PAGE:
Chicken breast is one of the proteins I use most often because it is easy to cook. I grab a family-sized pack whenever I go to the grocery store. When I do, I’ve always noticed that the chicken breasts in the cold case have various degrees of white lines that run across the meat. I’ve also seen some headlines about those stripes: What is it? Should I avoid them?
Like me, if you’ve ever wondered if you should skip breasts with visible white striping or if you should cut it out before cooking, here’s what I found out from the experts:
What Are the White Stripes on Chicken Breasts
Similar to marbling in steaks, the thin white lines you see between the pink meat on chicken breasts are intermuscular fat, meaning “fat between the meat.” These strips of fat develop naturally as the chickens grow and are not always visible to the naked eye.
The National Chicken Council’s FAQ page reports that “white striping is a quality factor in chicken breast meat caused by deposits of fat in the muscle during the bird’s growth and development.” As chicken breasts are a low-fat source of high-quality protein, more white striping is considered a degradation in quality from a commercial perspective because it adds a marginal amount of fat and may lower the protein value of the breast meat.
To get some clarity on the subject I spoke with Kelsey Keener of Sequatchie Cove Farms, a farm in Tennessee that raises chickens for eggs as well as meat. Keener explained that growth rate and feed impact the amount of white striping you see in chicken breasts. Increasing feed to grow the chicken faster is more likely to result in striping.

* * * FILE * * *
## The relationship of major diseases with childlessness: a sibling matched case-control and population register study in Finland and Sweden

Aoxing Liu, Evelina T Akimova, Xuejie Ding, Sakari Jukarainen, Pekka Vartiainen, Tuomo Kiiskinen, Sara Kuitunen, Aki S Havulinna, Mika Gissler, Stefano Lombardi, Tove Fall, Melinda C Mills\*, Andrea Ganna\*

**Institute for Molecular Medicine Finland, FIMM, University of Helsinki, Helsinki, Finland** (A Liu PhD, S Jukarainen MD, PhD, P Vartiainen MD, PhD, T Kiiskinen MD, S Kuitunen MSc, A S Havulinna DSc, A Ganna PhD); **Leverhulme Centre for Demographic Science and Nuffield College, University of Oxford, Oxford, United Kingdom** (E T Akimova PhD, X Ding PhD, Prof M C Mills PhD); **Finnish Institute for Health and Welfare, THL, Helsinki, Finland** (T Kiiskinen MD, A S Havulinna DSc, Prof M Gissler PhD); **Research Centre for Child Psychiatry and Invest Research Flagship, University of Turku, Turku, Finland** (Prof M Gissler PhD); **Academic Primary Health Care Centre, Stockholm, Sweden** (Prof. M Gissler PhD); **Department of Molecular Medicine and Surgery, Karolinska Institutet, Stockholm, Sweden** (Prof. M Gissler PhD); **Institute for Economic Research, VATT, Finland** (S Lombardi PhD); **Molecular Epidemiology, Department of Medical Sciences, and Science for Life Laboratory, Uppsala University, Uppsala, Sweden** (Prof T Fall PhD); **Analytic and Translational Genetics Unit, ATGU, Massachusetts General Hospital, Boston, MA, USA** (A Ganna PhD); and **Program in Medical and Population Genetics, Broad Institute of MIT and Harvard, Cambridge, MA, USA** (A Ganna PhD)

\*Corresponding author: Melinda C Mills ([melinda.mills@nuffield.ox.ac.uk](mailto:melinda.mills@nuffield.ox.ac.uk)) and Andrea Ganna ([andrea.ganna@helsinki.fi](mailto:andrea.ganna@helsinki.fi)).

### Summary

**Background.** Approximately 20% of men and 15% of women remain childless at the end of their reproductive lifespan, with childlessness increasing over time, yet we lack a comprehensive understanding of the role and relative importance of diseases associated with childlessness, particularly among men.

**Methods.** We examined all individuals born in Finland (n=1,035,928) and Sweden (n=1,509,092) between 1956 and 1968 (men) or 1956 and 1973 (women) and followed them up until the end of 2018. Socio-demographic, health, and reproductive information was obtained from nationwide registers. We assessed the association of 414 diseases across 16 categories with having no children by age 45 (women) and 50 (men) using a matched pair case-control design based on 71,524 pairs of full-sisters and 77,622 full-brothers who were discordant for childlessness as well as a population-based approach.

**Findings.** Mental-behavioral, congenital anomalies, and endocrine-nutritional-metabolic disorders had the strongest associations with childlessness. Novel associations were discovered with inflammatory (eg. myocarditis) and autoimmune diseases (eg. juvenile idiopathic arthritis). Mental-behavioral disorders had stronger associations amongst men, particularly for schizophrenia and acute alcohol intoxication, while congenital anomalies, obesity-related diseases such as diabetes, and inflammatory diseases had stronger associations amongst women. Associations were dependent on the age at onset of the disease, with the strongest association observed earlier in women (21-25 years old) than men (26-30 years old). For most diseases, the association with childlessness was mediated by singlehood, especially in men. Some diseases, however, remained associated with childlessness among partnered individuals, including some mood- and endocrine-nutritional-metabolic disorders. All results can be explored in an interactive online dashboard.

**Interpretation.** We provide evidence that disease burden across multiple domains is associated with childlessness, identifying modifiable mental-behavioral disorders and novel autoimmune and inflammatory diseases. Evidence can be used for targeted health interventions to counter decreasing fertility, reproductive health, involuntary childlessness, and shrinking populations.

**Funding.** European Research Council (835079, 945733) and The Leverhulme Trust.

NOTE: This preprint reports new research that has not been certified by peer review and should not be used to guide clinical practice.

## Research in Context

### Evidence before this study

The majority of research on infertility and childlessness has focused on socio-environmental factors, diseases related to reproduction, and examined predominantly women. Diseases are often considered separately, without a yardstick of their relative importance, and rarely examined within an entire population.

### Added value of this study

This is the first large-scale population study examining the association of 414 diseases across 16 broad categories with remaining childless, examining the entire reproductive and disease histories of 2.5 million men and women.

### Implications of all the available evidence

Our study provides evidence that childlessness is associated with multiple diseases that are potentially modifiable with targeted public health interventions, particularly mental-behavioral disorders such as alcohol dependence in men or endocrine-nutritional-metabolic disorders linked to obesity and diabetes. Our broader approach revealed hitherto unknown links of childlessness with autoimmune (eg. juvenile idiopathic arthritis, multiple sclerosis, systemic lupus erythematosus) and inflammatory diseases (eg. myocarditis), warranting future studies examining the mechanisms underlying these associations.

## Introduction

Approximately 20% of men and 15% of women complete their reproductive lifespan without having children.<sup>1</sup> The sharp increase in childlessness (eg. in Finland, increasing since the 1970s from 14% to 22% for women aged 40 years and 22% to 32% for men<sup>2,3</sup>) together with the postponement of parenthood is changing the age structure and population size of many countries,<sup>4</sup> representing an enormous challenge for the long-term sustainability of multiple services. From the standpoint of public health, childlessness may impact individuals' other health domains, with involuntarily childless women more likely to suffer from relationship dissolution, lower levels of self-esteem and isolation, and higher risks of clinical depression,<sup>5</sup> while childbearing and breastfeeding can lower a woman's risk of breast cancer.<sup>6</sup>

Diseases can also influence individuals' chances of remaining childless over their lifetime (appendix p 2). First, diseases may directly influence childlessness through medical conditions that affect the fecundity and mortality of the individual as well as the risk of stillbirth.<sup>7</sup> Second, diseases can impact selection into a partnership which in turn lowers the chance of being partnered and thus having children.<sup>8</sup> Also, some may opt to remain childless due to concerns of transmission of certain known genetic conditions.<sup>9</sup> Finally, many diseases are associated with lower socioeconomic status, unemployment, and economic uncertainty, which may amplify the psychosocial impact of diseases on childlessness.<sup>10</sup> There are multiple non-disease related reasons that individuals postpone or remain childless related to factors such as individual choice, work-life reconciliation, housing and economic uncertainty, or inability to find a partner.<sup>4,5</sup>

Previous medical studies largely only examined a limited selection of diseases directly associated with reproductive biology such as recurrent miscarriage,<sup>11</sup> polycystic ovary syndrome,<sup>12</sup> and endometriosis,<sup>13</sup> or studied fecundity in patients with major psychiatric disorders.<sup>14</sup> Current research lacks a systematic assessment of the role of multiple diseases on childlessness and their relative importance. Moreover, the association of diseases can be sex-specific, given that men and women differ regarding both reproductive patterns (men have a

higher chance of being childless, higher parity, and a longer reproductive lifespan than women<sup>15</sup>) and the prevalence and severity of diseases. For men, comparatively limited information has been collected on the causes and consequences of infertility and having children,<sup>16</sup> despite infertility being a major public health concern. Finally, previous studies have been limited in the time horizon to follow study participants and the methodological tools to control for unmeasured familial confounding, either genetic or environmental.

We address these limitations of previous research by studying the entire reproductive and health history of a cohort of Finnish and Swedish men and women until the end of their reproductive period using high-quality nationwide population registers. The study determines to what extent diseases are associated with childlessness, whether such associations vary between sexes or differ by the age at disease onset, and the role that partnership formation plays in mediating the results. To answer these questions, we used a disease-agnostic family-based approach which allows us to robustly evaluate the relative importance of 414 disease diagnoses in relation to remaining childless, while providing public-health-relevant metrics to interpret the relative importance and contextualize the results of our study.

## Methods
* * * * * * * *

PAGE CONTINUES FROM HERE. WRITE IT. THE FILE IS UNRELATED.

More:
“Meat chickens grow super fast! From day-old chicks to processed meat (it takes just) six to eight weeks. The majority of chicken you find at the store has been grown indoors on a mass scale, fed a diet of corn, soy, and a mix of other food by-products.”
Combine these conditions with the fast-growing breeds that many large-scale poultry producers prefer, you’re more likely to see white striping in the breast meat.
Degrees of white striping in chicken vary—with less than 6 percent of U.S. poultry having severe striping—typically a result of using faster-growing breeds of chickens, providing them cheap and plentiful feed, and not giving them the space and time to roam. Likely, you won’t find these chicken breasts at the grocery store. They are processed and sold to producers of chicken products.
Is It Safe To Eat the White Stripes on Chicken Breasts?
Striping is not a sign of disease and is considered safe to eat. Some research suggests that striping increases the chicken breast’s fat content minimally. For context, a six-ounce boneless, skinless chicken breast without stripping may have approximately two grams of fat while a breast of the same size with visible marbling may have as much as six grams of fat—both are still considered low-fat sources of protein.
It is possible to avoid chicken breast with striping too. Small pasture-raised chickens are less likely to have less and smaller intermuscular fat. However, they tend to be smaller breast pieces and come with a higher cost per pound.